[Mat Kaplan]: What about the new generation of telescopes? Are you looking forward to these which with as much anticipation as a lot of people we talked to?
[Amy Simon]: Oh, definitely. I mean for one thing some of them now are getting the Adaptive Optics to the point they work in the visible and that's going to be key for getting these high-resolution observations that we can only do with Hubble. It's still not going to surpass Hubble and that we can't look in the ultraviolet because the atmosphere blocks that [00:28:00] but I think these telescopes are just going to be fabulous for letting us monitor events we don't expect, you know, when an amateur reports that they've seen a fireball on Jupiter or Saturn, right now it takes a lot of lead time to turn around and use Hubble or something like that. So having a telescope on the ground that actually has a resolution to go back and investigate, it's just going to be so vital to understanding how things change.
[Mat Kaplan]: Are you and other outer planet specialist going to be fighting for time on the James Webb Space Telescope?
[Amy Simon]: Of course we are, but it's a friendly fight.
[Mat Kaplan]: Of course. What's the outlook for a mission to this this far away portion of the of the solar system. I know you worked on at least one mission concept. Is there anything currently in the works?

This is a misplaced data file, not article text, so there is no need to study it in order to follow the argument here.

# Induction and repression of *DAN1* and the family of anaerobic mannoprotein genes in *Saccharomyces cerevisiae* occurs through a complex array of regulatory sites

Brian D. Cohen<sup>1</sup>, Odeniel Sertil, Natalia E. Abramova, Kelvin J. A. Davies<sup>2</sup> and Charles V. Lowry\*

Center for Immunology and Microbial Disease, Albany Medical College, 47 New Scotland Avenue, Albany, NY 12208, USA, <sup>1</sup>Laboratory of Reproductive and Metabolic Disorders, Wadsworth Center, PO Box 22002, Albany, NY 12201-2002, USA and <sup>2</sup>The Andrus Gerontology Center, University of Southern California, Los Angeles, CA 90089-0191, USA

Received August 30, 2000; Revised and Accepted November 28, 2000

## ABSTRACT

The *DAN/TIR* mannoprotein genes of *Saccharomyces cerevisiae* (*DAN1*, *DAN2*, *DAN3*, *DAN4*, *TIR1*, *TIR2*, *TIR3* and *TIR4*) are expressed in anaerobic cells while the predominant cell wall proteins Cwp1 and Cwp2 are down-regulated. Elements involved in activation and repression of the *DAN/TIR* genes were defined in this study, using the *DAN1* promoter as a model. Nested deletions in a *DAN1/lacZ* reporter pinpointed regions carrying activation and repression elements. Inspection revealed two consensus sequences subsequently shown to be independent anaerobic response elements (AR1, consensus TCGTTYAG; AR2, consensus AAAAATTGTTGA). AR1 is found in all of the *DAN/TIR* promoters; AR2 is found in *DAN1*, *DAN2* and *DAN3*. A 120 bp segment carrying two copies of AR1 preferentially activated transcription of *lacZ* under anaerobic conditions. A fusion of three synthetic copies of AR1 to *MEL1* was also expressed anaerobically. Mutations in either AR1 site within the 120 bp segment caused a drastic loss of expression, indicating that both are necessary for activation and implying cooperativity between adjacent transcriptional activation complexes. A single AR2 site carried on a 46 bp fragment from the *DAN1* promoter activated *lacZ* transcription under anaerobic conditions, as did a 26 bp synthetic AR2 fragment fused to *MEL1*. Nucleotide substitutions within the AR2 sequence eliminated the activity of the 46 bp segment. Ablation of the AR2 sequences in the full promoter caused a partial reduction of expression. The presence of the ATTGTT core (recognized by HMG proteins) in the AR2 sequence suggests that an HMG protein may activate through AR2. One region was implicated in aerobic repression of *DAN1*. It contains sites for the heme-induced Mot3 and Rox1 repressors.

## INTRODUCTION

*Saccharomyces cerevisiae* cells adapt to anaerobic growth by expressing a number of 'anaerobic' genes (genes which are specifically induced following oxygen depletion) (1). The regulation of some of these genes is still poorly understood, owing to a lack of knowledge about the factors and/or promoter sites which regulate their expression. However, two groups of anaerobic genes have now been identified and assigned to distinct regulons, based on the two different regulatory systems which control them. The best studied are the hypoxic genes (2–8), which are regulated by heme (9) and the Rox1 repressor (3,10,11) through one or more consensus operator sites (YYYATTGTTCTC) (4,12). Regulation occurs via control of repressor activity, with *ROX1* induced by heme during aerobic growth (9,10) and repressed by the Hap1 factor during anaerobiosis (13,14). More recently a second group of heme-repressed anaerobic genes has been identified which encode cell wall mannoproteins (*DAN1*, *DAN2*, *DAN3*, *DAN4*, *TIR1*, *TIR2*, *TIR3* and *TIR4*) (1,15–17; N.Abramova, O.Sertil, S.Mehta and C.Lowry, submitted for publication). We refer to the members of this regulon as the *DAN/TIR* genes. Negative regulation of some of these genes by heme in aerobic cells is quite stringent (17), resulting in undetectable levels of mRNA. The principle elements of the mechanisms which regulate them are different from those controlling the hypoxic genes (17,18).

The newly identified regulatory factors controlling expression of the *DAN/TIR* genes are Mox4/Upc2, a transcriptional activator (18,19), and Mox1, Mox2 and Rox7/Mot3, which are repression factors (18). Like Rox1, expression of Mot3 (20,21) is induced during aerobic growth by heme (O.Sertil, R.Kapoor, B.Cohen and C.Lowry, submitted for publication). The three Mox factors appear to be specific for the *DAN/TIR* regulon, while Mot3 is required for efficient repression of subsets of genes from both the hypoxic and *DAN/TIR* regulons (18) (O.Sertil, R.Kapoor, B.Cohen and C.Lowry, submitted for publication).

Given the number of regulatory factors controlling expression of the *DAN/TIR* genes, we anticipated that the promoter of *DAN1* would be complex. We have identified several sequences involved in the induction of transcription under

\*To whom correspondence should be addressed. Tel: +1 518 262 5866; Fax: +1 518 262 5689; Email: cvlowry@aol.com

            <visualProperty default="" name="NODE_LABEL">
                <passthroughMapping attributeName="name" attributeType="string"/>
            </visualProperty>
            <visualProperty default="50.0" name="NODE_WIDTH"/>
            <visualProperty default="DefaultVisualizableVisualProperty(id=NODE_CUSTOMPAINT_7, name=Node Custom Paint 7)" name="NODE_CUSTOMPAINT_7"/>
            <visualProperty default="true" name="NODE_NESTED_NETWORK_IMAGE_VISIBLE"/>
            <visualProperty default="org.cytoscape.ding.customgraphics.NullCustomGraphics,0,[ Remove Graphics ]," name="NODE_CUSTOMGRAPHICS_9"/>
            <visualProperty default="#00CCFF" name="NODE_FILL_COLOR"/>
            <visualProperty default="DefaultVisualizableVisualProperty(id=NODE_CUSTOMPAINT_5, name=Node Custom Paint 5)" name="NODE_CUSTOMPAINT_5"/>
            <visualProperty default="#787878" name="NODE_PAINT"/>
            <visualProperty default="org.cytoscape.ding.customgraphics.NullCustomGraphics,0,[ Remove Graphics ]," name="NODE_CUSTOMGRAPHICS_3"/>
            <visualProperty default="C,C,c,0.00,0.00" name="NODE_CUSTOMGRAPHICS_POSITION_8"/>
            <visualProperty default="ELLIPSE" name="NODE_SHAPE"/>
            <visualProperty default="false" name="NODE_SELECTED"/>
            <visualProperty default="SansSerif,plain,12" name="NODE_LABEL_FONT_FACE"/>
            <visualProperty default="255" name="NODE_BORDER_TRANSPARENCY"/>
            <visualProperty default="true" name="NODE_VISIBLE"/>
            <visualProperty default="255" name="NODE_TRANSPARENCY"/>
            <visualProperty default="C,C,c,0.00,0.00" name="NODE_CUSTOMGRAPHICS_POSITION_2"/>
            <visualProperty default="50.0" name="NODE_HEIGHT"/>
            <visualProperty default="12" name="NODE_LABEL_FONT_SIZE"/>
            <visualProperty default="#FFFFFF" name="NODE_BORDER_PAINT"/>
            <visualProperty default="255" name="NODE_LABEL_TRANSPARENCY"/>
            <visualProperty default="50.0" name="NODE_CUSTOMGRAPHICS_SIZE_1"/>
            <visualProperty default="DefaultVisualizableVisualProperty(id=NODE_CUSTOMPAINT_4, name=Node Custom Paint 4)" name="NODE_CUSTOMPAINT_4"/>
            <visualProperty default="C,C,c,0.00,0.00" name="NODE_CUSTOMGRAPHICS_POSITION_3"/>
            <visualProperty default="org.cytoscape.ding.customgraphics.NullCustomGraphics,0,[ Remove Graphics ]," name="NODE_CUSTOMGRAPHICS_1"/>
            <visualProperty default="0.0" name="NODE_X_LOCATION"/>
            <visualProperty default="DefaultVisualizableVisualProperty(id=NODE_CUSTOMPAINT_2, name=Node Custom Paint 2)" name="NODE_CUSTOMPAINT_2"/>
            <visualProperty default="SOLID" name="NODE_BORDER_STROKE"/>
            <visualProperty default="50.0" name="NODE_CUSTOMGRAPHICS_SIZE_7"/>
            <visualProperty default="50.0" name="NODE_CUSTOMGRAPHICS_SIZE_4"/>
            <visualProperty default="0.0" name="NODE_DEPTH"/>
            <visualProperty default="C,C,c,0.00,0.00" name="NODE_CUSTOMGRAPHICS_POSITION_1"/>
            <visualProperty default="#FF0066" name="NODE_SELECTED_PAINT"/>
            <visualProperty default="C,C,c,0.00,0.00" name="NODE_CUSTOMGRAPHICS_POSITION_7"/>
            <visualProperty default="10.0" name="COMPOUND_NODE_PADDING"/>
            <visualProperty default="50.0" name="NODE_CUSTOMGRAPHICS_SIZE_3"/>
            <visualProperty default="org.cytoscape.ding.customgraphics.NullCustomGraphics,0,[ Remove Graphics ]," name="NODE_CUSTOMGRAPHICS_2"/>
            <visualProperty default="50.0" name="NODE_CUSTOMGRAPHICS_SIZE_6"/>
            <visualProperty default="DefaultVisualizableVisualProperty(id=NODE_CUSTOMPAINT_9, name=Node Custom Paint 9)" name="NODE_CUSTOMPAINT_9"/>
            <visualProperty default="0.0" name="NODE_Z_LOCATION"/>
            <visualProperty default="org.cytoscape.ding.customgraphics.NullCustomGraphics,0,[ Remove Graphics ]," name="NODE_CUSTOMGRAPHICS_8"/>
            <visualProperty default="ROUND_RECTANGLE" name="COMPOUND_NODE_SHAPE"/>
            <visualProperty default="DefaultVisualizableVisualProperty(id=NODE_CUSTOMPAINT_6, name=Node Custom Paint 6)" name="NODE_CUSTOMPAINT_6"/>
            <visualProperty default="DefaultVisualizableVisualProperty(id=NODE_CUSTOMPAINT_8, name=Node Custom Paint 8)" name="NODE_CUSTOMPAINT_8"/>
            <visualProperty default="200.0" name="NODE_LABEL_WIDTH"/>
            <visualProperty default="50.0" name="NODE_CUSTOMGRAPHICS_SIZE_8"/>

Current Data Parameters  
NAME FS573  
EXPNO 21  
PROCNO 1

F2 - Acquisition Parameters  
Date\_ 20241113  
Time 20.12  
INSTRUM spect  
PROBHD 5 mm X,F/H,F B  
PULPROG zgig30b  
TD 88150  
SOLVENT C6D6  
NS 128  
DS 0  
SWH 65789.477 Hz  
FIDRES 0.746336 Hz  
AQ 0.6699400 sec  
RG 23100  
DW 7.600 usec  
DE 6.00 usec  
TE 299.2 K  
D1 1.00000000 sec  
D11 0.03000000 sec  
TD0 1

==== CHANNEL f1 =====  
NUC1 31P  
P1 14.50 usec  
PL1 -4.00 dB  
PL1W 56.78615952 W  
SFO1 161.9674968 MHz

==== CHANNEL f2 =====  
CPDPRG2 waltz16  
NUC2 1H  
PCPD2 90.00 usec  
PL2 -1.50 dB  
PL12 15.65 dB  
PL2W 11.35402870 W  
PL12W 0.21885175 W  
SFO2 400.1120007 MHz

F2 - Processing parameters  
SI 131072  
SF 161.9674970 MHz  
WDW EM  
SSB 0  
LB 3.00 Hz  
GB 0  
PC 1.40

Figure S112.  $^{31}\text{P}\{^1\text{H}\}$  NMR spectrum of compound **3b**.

[Amy Simon]: Sure. So our last planetary decadal survey which is where scientists basically sit down and lay out the science priorities for the next 10 years. The next big flagship after Mars sample return and Europa is to an ice giant. But to do that still [00:29:00] requires getting a new start, getting the finances to do this. And so in the meantime we've continued to do the studies. What could you do with a flyby mission? What can you do with an orbiter mission? Should it be Uranus? Should it be Neptune? Can we do both? You know, these are all key questions the community has and I think there's a lot of interest right now, a lot of people are starting to seriously study what we should be doing. It's just going to depend on timing. But you know, we'd like to get that launched in the late 2020s, so we could potentially take advantage of a Jupiter gravity assist. Either way, you know, we can get out there with the technology we have now.